Article by: Morten Illum, VP EMEA, Aruba, a Hewlett Packard Enterprise company
Artificial intelligence (AI), often throws up visions of a futuristic earth, where self-aware robots are programmed to be ethical in their behaviour and protect human lives at all costs. It’s clear that an AI future is already here, with chat bots and home assistants making the present almost as advanced as was envisaged years ago. But what about the role of AI in protecting the network? With the increased threat of cyberattacks across the world, what role can AI have within data protection?
The idea of using AI in combating cybersecurity breaches is not a new one, however, cybersecurity relies on the technical nous of those implementing and designing the technology, which means experts need to work practically error-free. This undertaking is massive, and requires thousands of lines of code to be written and audited to ensure no vulnerabilities creep into the software used by businesses to protect their network. In order to be in full control, businesses need to be able to learn from their existing data.
Machine learning, one of the key components for AI, is deployable in ways that can help companies develop technologies that can stand the malevolent-AI test. This is partly thanks to the vast quantities of data residing in enterprise networks made usable for machines to analyse and learn from. With this insight and resource, IT professionals can make a significant amount of headway in their quest for AI capable of protecting large scale connected networks autonomously.
These networks, huge as they are now, are going to expand even further thanks to the Internet of Things (IoT) becoming more prevalent in today’s society. IoT is a prodigious threat, as was shown by recent research, detailing the industries that are most affected by breaches of the technology. By 2019, up to 89% of healthcare institutions will have adopted IoT technology in one form or another, yet 89% of organisations who have already deployed the technology have suffered a breach. The research also showed that governments have suffered significant amounts of breaches, 85% in fact, but there are tactics in play and in development to help mitigate these risks.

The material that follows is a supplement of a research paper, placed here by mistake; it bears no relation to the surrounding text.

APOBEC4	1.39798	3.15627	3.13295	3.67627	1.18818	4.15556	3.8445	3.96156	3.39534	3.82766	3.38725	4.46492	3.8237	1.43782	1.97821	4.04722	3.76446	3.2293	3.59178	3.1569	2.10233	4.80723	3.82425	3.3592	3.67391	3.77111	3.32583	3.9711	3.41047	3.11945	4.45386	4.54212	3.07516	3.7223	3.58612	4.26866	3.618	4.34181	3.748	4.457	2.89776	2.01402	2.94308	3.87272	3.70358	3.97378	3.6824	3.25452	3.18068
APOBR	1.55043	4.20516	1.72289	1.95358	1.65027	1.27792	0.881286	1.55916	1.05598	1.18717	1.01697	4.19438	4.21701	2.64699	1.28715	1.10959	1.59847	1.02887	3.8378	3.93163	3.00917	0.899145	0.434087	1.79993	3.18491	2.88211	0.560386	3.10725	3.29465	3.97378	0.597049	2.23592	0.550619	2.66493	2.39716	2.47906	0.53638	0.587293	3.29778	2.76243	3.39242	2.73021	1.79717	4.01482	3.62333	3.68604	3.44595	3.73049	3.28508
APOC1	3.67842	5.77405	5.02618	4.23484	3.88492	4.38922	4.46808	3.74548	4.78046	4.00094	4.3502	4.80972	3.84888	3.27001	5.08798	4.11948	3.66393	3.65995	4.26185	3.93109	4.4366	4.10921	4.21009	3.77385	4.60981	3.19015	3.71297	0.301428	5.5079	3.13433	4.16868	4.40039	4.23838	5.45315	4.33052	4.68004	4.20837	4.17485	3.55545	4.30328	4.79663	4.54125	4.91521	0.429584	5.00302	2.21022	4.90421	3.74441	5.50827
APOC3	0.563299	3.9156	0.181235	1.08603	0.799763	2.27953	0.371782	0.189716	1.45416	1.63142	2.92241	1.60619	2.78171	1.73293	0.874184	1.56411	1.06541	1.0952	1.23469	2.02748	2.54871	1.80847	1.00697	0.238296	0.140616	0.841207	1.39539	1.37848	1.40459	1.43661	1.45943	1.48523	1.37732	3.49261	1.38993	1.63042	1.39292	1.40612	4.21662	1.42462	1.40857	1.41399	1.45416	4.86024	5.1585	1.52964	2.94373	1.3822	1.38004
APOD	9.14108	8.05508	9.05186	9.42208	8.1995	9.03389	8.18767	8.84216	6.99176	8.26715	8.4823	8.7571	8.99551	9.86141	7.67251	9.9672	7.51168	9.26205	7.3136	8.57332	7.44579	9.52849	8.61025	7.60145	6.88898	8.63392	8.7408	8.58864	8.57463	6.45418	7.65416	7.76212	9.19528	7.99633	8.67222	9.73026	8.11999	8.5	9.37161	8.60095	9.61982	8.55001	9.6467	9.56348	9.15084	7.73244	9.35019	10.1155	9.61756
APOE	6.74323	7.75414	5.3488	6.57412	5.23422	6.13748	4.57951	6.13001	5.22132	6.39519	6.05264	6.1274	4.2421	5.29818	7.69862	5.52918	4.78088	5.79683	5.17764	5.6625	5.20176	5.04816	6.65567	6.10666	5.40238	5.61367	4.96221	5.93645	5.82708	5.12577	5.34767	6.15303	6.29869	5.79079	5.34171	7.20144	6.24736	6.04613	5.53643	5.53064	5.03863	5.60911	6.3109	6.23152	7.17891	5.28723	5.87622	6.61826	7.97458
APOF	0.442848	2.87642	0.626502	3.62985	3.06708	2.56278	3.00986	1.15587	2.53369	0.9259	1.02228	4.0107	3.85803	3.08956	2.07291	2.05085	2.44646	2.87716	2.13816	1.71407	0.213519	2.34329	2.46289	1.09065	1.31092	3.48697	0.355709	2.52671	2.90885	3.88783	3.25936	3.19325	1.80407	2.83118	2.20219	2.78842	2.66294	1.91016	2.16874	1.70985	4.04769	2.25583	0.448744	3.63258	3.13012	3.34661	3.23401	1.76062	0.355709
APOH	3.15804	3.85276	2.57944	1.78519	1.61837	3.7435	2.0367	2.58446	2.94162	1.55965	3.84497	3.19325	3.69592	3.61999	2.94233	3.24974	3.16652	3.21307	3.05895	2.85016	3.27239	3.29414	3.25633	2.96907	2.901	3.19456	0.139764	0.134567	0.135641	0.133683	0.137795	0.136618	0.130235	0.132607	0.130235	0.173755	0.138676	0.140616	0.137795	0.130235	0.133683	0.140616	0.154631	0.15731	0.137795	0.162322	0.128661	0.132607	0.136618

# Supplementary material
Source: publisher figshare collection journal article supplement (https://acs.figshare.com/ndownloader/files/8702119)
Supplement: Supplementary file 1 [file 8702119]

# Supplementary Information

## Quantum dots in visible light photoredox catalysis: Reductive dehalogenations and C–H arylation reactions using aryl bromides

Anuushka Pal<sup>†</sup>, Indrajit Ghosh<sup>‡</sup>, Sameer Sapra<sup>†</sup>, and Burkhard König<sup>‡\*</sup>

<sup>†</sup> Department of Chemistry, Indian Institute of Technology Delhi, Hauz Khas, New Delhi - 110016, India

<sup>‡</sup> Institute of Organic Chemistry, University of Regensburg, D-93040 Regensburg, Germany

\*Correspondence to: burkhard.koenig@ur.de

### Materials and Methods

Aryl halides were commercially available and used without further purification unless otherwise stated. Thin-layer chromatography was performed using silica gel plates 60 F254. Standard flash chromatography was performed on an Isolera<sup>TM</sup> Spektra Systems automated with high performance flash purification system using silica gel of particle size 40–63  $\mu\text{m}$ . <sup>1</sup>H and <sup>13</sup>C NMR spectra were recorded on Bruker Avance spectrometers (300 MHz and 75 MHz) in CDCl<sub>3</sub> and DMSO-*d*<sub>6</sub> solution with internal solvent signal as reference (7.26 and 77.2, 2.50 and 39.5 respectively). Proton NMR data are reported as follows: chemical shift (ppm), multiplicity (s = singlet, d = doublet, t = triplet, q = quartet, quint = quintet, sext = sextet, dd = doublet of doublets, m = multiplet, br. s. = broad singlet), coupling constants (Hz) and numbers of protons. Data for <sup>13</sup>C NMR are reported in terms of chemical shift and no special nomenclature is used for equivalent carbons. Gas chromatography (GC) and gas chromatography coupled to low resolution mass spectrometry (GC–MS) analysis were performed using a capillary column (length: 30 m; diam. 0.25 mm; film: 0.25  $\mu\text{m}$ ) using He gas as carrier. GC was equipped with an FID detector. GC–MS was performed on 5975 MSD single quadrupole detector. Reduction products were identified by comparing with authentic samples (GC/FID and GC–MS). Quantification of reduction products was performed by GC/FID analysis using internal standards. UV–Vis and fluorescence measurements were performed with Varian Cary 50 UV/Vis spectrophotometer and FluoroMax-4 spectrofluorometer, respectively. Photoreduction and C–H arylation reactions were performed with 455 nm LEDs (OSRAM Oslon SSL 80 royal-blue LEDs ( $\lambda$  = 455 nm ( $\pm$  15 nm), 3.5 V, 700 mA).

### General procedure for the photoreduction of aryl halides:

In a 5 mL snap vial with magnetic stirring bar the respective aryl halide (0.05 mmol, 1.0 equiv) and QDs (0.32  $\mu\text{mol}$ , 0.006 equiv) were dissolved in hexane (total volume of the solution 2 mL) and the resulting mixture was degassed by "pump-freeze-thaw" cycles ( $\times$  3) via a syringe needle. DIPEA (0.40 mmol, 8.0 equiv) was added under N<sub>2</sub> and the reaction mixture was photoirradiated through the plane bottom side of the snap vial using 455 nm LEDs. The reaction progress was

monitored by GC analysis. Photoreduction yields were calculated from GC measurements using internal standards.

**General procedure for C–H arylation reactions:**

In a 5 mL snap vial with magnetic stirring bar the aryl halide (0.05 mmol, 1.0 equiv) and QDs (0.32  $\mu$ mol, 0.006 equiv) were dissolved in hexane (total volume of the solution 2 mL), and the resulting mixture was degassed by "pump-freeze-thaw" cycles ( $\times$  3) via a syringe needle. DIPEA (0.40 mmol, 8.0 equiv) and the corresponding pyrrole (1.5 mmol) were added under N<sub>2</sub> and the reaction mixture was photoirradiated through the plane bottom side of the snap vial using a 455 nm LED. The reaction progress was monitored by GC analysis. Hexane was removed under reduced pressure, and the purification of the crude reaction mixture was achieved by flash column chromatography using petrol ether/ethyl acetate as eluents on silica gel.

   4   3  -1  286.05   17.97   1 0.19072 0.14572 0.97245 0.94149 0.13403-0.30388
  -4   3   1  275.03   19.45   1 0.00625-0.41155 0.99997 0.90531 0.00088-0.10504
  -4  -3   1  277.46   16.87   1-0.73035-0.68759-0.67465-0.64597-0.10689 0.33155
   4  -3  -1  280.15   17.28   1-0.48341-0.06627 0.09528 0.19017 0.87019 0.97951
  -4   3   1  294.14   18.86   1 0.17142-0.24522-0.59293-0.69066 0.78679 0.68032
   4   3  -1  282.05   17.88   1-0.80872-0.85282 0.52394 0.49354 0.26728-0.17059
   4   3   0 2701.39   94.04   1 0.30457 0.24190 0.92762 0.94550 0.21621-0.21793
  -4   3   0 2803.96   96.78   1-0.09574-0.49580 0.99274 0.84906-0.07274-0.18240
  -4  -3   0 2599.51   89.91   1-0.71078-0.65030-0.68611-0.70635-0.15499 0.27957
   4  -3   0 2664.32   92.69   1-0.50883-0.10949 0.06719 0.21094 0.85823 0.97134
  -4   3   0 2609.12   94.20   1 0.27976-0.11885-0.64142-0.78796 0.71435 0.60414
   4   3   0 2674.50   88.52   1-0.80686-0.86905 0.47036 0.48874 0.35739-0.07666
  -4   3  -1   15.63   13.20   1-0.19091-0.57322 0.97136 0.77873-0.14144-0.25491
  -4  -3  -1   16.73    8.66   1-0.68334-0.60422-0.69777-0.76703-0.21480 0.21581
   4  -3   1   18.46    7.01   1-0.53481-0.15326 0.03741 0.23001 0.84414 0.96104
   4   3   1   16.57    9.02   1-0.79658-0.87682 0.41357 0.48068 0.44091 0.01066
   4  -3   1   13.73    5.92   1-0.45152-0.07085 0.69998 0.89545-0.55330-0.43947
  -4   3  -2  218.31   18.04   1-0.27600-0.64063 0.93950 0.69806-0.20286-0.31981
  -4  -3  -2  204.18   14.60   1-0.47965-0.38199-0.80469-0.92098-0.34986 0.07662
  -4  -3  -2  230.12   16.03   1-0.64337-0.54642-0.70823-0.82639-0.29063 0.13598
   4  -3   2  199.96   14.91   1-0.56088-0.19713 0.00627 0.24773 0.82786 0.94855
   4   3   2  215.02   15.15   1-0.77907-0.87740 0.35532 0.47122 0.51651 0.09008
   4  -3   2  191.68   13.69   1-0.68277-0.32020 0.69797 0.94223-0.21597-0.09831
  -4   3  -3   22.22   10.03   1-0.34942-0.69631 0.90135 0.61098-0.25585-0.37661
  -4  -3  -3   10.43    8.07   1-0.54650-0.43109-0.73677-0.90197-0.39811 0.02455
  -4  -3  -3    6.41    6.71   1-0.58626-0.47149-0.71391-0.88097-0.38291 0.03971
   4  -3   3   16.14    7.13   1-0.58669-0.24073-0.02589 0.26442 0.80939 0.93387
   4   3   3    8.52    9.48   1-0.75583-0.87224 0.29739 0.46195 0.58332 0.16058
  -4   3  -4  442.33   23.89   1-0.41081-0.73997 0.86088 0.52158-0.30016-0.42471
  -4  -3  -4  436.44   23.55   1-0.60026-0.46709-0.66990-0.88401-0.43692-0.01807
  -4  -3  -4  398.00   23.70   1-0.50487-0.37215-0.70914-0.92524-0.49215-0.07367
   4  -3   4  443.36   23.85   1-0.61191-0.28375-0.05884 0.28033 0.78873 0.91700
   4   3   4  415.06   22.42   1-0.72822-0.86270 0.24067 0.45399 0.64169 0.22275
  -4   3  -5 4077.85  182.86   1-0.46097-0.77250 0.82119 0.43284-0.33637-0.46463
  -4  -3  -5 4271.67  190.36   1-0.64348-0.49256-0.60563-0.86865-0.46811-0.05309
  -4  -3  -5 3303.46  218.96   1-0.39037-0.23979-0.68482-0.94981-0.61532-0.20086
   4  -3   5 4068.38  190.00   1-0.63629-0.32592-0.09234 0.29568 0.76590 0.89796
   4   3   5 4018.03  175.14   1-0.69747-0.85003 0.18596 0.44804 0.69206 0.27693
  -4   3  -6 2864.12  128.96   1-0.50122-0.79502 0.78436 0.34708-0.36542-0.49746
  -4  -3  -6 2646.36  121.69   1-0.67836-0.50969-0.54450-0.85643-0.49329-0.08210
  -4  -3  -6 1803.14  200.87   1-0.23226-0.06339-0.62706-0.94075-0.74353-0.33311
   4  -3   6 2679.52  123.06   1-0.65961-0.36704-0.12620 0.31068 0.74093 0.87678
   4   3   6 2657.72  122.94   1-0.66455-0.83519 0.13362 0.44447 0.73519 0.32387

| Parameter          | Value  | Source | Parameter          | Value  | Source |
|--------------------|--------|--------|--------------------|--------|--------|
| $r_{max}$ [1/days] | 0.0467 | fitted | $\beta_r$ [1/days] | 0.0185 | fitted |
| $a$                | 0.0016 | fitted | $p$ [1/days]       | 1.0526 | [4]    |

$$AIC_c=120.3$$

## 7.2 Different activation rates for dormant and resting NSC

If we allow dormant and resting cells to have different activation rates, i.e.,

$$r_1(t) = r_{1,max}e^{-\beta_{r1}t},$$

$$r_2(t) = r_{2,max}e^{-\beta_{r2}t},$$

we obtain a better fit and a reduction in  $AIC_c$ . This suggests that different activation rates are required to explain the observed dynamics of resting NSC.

One such strategy called intent-based networking, which is a piece of software that aids in the planning, designing, implementing and operation of networks, is already a working concept. This takes the business goals and policies as input and converts that intelligence into a network configuration, which it generates into a design and configuration. The key for AI is to have readable and actionable data to feed off, which means networks that see a lot of data traffic can make decisions based on the behaviour of the user. A technology called User and Entity Behaviour Analytics can do just this. Through machine learning, and the innate knowledge of knowing what to look out for, it can monitor what end-points are using the network for.
On the mitigation side, with the knowledge built up through data processing and analytics, networks can be programmed to take certain actions against suspected malicious behaviour, automatically. Suspected individuals are asked to reauthenticate and obvious dangers can be quarantined. When a breach does occur, AI can also use its knowledge to ‘score’ the risk of the threat, enabling security teams to quickly detect and respond to advanced cyberattacks.
Artificial intelligence and machine learning can work hand in hand on enterprise networks, learning the various nuances of the risks associated with cyberattacks and responds adequately. Data is key for this process but so is diligence because criminals are usually one step ahead. However, with the way the technology is progressing and the amount of data flowing through networks, there is plenty of material for AI to learn from and help keep businesses safe.